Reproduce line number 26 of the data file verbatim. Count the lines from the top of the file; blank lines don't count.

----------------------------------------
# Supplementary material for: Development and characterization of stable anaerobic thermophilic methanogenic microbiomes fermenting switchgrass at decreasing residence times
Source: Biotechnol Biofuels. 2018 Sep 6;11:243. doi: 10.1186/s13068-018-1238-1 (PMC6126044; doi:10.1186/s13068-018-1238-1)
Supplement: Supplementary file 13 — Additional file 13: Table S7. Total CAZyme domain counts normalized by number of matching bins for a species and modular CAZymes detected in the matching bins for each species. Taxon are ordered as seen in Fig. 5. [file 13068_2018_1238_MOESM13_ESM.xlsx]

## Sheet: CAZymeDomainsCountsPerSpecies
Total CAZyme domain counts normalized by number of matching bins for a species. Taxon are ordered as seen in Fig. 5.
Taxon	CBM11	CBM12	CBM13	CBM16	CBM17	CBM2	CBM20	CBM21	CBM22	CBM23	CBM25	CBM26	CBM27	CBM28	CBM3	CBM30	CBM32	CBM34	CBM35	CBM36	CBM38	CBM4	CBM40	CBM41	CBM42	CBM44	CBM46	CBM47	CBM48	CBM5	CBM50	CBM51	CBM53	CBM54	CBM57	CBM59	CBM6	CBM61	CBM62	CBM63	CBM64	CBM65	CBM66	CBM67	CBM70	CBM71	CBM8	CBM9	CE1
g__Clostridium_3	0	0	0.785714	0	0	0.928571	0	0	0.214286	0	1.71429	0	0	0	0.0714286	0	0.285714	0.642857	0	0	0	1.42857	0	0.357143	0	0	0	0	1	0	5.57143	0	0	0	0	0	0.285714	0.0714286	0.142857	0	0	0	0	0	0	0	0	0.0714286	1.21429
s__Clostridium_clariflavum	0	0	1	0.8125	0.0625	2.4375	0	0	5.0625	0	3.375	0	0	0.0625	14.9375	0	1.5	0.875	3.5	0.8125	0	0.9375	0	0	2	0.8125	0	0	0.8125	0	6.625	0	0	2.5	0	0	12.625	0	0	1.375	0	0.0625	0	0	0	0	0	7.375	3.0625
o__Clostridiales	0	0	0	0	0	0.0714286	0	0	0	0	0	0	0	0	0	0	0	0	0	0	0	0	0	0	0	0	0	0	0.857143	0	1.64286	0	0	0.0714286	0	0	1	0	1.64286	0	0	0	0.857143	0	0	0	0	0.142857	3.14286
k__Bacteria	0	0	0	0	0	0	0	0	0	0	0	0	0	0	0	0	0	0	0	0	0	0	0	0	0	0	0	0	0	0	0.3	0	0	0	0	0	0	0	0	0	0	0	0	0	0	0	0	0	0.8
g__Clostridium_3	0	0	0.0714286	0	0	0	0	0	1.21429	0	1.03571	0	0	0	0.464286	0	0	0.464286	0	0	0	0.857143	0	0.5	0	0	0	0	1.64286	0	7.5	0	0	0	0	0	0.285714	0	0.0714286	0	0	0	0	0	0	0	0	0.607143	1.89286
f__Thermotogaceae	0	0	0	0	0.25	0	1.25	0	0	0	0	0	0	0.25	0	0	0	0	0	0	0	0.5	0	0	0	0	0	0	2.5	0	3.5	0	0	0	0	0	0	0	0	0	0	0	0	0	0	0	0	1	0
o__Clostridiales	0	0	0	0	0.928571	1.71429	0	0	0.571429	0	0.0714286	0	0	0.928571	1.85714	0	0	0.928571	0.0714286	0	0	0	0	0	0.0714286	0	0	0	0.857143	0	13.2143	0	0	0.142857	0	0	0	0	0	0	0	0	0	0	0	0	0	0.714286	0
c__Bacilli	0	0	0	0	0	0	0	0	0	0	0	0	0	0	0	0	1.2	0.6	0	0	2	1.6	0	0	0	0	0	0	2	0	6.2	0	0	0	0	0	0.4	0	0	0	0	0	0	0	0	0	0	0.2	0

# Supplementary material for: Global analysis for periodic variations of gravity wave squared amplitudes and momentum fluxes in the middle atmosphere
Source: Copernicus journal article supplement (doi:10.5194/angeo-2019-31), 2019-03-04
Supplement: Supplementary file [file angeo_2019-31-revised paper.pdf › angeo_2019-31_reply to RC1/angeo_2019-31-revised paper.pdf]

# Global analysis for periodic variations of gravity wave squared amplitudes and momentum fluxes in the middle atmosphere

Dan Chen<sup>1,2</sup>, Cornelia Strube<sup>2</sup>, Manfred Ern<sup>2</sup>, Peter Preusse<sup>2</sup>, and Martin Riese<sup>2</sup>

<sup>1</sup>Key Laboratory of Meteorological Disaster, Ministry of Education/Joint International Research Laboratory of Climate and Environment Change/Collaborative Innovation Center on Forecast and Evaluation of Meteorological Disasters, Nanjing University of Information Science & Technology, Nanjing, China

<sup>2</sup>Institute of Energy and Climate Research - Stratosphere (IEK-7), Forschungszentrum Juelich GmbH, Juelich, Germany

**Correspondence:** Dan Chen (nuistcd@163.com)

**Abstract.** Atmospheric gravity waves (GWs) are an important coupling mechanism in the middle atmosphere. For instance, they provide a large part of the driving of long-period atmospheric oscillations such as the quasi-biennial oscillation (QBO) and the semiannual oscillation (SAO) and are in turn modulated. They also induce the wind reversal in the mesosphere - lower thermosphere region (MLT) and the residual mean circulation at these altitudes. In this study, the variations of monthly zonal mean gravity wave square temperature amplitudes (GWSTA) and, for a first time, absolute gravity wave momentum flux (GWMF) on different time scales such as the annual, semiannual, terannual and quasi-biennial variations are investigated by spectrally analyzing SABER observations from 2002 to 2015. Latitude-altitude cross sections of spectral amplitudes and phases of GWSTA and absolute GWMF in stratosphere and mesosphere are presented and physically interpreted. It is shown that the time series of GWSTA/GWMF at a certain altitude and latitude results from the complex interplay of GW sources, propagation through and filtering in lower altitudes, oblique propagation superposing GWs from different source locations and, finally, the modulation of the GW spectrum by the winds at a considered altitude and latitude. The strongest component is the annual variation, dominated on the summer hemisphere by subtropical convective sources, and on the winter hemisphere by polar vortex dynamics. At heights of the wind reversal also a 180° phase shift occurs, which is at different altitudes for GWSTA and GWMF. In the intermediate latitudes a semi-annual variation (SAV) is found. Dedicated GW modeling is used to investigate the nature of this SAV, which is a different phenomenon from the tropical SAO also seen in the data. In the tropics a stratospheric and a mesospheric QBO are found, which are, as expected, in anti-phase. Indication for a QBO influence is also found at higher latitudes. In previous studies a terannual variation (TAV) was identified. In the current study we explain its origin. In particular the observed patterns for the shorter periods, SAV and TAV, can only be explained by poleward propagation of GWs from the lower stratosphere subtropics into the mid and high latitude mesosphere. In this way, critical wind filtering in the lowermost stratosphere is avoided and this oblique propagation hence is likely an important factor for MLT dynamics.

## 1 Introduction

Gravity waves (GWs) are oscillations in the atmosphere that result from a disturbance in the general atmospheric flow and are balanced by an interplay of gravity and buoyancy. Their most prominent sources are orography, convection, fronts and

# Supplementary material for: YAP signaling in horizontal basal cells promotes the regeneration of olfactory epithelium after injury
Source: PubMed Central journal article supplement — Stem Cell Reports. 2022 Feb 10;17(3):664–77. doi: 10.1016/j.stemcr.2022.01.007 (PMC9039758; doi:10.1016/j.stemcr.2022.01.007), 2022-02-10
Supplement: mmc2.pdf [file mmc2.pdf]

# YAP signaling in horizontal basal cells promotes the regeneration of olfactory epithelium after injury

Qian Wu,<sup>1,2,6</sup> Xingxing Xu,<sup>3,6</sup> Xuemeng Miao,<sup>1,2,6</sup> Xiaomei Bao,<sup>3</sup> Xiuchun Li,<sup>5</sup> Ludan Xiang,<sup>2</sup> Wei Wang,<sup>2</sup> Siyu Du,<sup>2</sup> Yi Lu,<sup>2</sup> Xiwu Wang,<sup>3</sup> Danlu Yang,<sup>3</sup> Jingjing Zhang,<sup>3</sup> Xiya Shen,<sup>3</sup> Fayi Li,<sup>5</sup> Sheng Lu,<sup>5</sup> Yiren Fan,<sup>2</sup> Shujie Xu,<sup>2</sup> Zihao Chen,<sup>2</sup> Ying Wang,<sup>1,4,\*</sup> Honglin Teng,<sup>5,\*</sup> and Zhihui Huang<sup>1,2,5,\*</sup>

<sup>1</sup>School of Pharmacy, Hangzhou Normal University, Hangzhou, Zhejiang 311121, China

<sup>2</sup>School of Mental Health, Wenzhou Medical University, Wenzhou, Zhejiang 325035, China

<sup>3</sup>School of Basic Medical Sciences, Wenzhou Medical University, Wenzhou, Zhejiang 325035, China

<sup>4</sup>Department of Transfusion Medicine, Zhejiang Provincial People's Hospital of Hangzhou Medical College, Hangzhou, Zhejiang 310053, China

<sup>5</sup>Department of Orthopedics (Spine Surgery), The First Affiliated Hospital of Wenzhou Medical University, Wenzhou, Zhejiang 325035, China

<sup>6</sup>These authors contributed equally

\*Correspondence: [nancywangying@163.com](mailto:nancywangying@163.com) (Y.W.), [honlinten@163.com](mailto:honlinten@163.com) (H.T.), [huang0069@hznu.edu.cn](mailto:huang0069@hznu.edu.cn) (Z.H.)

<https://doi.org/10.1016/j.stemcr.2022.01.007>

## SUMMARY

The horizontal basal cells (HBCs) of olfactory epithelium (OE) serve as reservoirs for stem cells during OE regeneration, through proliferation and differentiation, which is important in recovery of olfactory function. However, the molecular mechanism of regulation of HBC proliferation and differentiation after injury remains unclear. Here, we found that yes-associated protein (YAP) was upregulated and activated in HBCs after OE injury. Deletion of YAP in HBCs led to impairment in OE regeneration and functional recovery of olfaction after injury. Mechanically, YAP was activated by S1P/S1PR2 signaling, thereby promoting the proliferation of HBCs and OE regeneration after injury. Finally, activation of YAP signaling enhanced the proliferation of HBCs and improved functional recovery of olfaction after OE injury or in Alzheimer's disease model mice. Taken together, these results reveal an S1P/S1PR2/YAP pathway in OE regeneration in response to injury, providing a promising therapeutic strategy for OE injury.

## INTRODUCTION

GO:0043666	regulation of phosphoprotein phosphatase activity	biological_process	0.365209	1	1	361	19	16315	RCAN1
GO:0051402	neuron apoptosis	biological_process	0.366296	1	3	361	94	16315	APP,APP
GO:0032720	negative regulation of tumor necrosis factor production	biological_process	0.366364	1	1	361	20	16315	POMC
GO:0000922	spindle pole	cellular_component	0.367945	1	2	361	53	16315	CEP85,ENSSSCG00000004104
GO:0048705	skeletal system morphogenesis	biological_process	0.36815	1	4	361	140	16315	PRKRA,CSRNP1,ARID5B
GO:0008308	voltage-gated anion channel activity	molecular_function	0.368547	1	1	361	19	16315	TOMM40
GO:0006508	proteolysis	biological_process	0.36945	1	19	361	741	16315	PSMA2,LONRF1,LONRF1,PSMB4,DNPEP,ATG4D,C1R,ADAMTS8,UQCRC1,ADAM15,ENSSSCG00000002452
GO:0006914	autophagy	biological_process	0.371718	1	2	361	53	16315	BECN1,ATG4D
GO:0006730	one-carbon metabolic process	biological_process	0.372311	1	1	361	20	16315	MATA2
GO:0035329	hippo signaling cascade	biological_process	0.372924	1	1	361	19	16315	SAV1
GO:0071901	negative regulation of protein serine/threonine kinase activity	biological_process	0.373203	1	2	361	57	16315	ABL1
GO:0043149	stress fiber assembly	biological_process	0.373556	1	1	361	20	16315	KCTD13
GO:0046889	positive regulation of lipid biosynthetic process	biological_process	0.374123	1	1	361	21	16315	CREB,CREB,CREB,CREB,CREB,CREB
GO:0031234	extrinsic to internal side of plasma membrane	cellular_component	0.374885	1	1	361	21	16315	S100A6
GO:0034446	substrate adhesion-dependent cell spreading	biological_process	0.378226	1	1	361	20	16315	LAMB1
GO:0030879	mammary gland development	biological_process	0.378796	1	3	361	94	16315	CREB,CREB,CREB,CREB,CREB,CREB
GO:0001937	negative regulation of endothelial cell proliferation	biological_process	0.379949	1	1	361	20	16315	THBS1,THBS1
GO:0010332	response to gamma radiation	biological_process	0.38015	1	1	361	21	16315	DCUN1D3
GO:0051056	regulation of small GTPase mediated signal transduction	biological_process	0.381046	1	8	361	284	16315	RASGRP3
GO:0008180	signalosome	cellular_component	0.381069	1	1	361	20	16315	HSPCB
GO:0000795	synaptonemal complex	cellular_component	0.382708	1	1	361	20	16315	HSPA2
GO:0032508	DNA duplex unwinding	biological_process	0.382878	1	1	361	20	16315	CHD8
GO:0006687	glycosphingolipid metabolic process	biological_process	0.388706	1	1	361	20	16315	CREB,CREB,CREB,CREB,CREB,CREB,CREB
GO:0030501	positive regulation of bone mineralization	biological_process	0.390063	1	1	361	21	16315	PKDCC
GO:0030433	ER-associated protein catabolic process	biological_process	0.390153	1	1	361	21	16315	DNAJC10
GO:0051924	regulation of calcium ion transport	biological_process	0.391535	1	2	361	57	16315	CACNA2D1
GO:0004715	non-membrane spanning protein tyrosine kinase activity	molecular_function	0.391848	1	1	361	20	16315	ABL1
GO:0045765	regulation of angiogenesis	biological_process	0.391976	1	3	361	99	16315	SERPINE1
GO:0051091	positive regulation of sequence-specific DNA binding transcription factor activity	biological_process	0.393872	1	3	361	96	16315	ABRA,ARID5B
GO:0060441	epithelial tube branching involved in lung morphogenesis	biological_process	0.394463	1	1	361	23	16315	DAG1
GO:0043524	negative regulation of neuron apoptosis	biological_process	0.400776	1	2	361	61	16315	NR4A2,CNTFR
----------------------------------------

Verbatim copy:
# Supplementary material for: YAP signaling in horizontal basal cells promotes the regeneration of olfactory epithelium after injury